The Wind Rises (2013)

by Nandia Foteini Vlachou


Yesterday, I watched Miyazaki’s last film, that was finally released in Portugal. I learned about Jiro Horikoshi and the Mitsubishi A6M Zero; I saw what was probably the scariest earthquake sequence ever filmed, when the earth rumbled during the Great Kantō earthquake of 1923 and fire devastated Tokyo; Hisaishi’s music had a tinge of Bacalov melancholy, probably because of the frequent references to Italian aircraft manufacturer Caproni that serves as Jiro’s inspiration, alter ego and conscience; and the film was as beautiful and poetic as any by Hayao Miyazaki, with animation that fills your heart with joy.

Nicolas Rapold aptly summarized the film in his NY times review of the film: “Soulful devotion with glimmers of doom”. Jiro’s consumptive wife (who existed only in this fictionalized version of his life) adds to the soulfulness and impending doom. Yet, the obsessive search for the perfect curve and the utter ignorance of contemporary politics lends the film an eerie quality. I have too much faith in Miyazaki’s lyrical humanism to believe that he would ever celebrate death and destruction, or that he would justify Japan’s position in the war, although his portrayal of Jiro is entirely sympathetic. I am also curious about the film’s reception in Japan (Rapold mentions that it was perceived in certain quarters as antipatriotic and that its marketing in the States was “cautious”). Both the creator and the character seem unconcerned with implications, and the engineers that work on the planes do not know or do not care to what use they will be put to, once they are constructed. The engineers travel to Germany to study military technology, but remain oblivious to all the rest.

When Jiro (back in Japan), and the father of the girl he loves cheerfully join in singing Das gibt’s nur einmal, accompanying a shady character who is probably a spy staying at their resort, the scene made me strangely uncomfortable. The song’s lyrics (a popular German song from the early thirties) talk about love happening only once, and fleeting in an instant, but hearing the Japanese characters sing in German was jarring. There is another key scene, earlier on, when Caproni, in one of the dream sequences where he appears to Jiro, asks him: “Which would you choose: a world with pyramids or a world without?”. The implication seems clear to me: the monuments of human exertion are worthwhile and an end unto itself, independently of the conditions they were produced in. I have nothing against the pyramids per se, but I do take issue with similar opinions (not that far from this shockingly callous opinion piece about the construction of the Louvre Abu Dhabi). The difficulty, or unwillingness, to associate this man’s life with the consequences of his actions is apparent throughout the film.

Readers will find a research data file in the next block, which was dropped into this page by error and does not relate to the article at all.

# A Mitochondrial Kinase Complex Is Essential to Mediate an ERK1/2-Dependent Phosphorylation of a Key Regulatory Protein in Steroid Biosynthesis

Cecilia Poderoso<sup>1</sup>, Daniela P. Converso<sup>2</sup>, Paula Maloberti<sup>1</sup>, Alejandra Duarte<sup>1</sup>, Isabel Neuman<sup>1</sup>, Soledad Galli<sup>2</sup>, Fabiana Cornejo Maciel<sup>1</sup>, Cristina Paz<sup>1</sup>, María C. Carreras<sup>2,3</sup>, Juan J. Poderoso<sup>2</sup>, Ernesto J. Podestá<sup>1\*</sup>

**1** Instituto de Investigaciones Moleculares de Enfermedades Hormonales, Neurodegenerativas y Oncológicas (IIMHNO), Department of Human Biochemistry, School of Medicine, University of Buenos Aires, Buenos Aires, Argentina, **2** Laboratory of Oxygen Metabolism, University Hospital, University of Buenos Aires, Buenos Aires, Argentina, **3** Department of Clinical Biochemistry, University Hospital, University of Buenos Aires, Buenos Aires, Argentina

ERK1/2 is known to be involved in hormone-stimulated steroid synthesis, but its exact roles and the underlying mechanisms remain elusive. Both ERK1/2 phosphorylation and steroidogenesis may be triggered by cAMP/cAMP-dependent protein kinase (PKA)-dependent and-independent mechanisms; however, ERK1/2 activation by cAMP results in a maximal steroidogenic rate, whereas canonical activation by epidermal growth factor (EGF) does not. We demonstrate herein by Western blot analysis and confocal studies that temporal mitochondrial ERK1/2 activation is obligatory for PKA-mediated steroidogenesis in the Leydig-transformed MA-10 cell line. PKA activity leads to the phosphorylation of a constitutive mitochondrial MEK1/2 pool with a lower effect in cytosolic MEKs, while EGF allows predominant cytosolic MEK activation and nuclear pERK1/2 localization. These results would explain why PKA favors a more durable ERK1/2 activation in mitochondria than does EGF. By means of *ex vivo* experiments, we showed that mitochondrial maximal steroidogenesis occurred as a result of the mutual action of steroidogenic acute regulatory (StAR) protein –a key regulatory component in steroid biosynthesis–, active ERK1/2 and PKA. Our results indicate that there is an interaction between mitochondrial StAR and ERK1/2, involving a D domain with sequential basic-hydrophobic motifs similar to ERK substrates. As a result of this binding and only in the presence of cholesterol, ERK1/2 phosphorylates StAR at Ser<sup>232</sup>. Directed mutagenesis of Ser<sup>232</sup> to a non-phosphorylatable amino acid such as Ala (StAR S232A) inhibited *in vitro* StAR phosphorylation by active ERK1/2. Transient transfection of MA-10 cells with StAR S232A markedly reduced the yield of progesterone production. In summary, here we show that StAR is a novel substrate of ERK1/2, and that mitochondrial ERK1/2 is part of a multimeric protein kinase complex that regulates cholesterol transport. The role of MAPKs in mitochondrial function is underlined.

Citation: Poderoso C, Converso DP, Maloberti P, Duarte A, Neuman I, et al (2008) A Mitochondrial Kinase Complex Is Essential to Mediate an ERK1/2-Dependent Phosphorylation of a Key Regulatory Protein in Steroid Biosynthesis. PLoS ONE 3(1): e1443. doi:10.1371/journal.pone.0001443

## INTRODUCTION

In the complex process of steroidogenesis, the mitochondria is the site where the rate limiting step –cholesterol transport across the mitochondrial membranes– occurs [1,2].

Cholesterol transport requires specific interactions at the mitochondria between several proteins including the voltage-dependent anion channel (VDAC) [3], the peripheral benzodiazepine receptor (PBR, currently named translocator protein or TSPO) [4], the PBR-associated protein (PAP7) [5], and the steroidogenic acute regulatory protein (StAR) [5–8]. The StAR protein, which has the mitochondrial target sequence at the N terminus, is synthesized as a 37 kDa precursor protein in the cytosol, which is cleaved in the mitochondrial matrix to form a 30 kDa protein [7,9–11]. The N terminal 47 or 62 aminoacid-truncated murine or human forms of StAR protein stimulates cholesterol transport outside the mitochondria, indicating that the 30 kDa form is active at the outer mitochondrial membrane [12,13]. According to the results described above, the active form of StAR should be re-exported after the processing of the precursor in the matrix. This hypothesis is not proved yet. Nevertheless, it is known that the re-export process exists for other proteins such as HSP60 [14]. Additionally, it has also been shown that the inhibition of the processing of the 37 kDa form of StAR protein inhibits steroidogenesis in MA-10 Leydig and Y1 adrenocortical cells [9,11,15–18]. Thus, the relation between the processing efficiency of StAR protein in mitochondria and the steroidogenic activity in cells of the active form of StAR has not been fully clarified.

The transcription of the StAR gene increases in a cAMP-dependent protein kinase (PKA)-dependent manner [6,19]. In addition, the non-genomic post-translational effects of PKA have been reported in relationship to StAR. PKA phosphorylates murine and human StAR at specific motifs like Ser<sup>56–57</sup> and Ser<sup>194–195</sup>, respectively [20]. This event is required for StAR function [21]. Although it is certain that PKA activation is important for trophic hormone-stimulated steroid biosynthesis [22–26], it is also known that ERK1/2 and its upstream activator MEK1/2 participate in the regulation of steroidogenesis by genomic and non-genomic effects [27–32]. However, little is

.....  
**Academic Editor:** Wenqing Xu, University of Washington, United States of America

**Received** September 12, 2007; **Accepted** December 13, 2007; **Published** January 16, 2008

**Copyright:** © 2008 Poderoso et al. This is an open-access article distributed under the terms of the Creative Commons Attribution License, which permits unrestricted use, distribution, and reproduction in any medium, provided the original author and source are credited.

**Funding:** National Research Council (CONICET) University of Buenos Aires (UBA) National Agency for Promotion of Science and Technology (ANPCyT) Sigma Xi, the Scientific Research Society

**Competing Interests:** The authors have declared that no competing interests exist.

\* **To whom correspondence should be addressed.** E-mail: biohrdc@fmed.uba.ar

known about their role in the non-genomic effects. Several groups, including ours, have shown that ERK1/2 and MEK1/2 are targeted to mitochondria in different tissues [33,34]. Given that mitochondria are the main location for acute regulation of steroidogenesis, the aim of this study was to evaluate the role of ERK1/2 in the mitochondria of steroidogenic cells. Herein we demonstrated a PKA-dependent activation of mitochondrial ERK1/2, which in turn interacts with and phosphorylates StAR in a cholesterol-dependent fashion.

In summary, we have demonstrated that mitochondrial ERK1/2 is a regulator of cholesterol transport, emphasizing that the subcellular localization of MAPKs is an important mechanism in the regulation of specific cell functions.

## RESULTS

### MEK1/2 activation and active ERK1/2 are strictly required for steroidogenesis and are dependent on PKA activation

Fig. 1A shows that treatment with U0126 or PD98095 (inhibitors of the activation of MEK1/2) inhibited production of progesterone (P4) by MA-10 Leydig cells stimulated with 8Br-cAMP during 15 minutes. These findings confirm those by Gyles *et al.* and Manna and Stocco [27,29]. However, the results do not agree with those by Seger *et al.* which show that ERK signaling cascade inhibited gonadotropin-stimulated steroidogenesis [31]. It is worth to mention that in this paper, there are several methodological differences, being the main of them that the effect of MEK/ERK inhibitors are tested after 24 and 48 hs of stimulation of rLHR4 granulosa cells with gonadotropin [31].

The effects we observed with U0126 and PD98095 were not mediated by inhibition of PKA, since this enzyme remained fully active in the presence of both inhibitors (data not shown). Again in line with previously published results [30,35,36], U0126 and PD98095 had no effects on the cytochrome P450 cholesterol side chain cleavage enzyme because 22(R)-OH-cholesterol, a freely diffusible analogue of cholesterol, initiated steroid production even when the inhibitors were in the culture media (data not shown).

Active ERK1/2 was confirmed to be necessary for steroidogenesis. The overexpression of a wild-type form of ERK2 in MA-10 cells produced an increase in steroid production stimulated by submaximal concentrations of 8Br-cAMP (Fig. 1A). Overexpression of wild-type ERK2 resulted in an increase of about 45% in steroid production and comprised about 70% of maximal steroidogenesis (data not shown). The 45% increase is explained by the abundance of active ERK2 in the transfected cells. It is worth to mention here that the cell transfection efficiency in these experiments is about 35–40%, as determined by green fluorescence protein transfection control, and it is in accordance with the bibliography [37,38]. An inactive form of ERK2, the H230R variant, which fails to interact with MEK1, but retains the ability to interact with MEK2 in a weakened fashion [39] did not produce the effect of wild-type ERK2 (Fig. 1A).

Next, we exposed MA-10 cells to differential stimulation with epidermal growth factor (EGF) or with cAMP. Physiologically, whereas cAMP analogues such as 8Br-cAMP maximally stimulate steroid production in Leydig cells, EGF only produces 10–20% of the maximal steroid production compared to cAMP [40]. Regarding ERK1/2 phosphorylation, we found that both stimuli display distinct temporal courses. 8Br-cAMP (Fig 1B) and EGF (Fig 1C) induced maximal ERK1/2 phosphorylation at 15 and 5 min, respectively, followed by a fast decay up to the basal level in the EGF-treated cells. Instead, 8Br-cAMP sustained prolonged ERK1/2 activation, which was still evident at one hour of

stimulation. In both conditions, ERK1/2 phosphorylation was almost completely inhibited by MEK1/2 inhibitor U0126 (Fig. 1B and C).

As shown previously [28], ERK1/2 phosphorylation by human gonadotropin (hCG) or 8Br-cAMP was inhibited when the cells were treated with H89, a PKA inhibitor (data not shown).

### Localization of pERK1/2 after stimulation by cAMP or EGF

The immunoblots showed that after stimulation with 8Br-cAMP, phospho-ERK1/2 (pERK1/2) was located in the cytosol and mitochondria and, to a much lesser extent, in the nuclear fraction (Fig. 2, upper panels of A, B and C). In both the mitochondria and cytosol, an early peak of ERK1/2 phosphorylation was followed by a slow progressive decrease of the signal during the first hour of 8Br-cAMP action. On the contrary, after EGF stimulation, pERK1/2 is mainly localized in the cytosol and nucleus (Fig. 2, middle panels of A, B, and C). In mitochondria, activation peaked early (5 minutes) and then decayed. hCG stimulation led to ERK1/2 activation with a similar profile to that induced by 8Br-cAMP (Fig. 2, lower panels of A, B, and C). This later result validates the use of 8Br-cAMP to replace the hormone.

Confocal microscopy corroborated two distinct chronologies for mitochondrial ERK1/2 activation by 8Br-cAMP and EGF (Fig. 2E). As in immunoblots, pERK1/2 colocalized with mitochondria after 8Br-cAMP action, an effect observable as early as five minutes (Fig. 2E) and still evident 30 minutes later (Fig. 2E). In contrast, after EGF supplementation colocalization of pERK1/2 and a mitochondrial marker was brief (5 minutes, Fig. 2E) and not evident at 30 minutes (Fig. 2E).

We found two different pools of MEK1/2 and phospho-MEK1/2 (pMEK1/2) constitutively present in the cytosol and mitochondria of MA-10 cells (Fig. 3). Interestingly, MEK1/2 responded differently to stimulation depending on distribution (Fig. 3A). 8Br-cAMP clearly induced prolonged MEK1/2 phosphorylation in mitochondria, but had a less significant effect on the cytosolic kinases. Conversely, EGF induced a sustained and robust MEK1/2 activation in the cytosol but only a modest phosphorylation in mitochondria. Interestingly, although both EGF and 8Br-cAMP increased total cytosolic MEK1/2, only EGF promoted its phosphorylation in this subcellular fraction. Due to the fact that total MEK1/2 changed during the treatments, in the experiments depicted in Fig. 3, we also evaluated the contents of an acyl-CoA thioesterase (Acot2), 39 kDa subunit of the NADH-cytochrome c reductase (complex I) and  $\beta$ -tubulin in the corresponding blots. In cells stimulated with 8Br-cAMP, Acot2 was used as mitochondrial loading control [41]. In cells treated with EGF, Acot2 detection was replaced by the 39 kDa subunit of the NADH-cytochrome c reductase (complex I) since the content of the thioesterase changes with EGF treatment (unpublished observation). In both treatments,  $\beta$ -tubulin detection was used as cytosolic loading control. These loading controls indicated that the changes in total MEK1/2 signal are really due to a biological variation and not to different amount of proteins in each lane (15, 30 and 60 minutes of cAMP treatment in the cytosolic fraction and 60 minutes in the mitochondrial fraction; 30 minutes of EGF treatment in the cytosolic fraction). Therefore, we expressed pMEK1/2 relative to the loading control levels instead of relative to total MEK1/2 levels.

The final dream sequence leaves the viewer with a poignant sense of futility. Walking through a field strewn with the carcasses of shot down airplanes that he has helped design and build, Jiro meets with Caproni one last time. “Not a single one returned,” he says, and the sentence feels like a slowly sinking stone.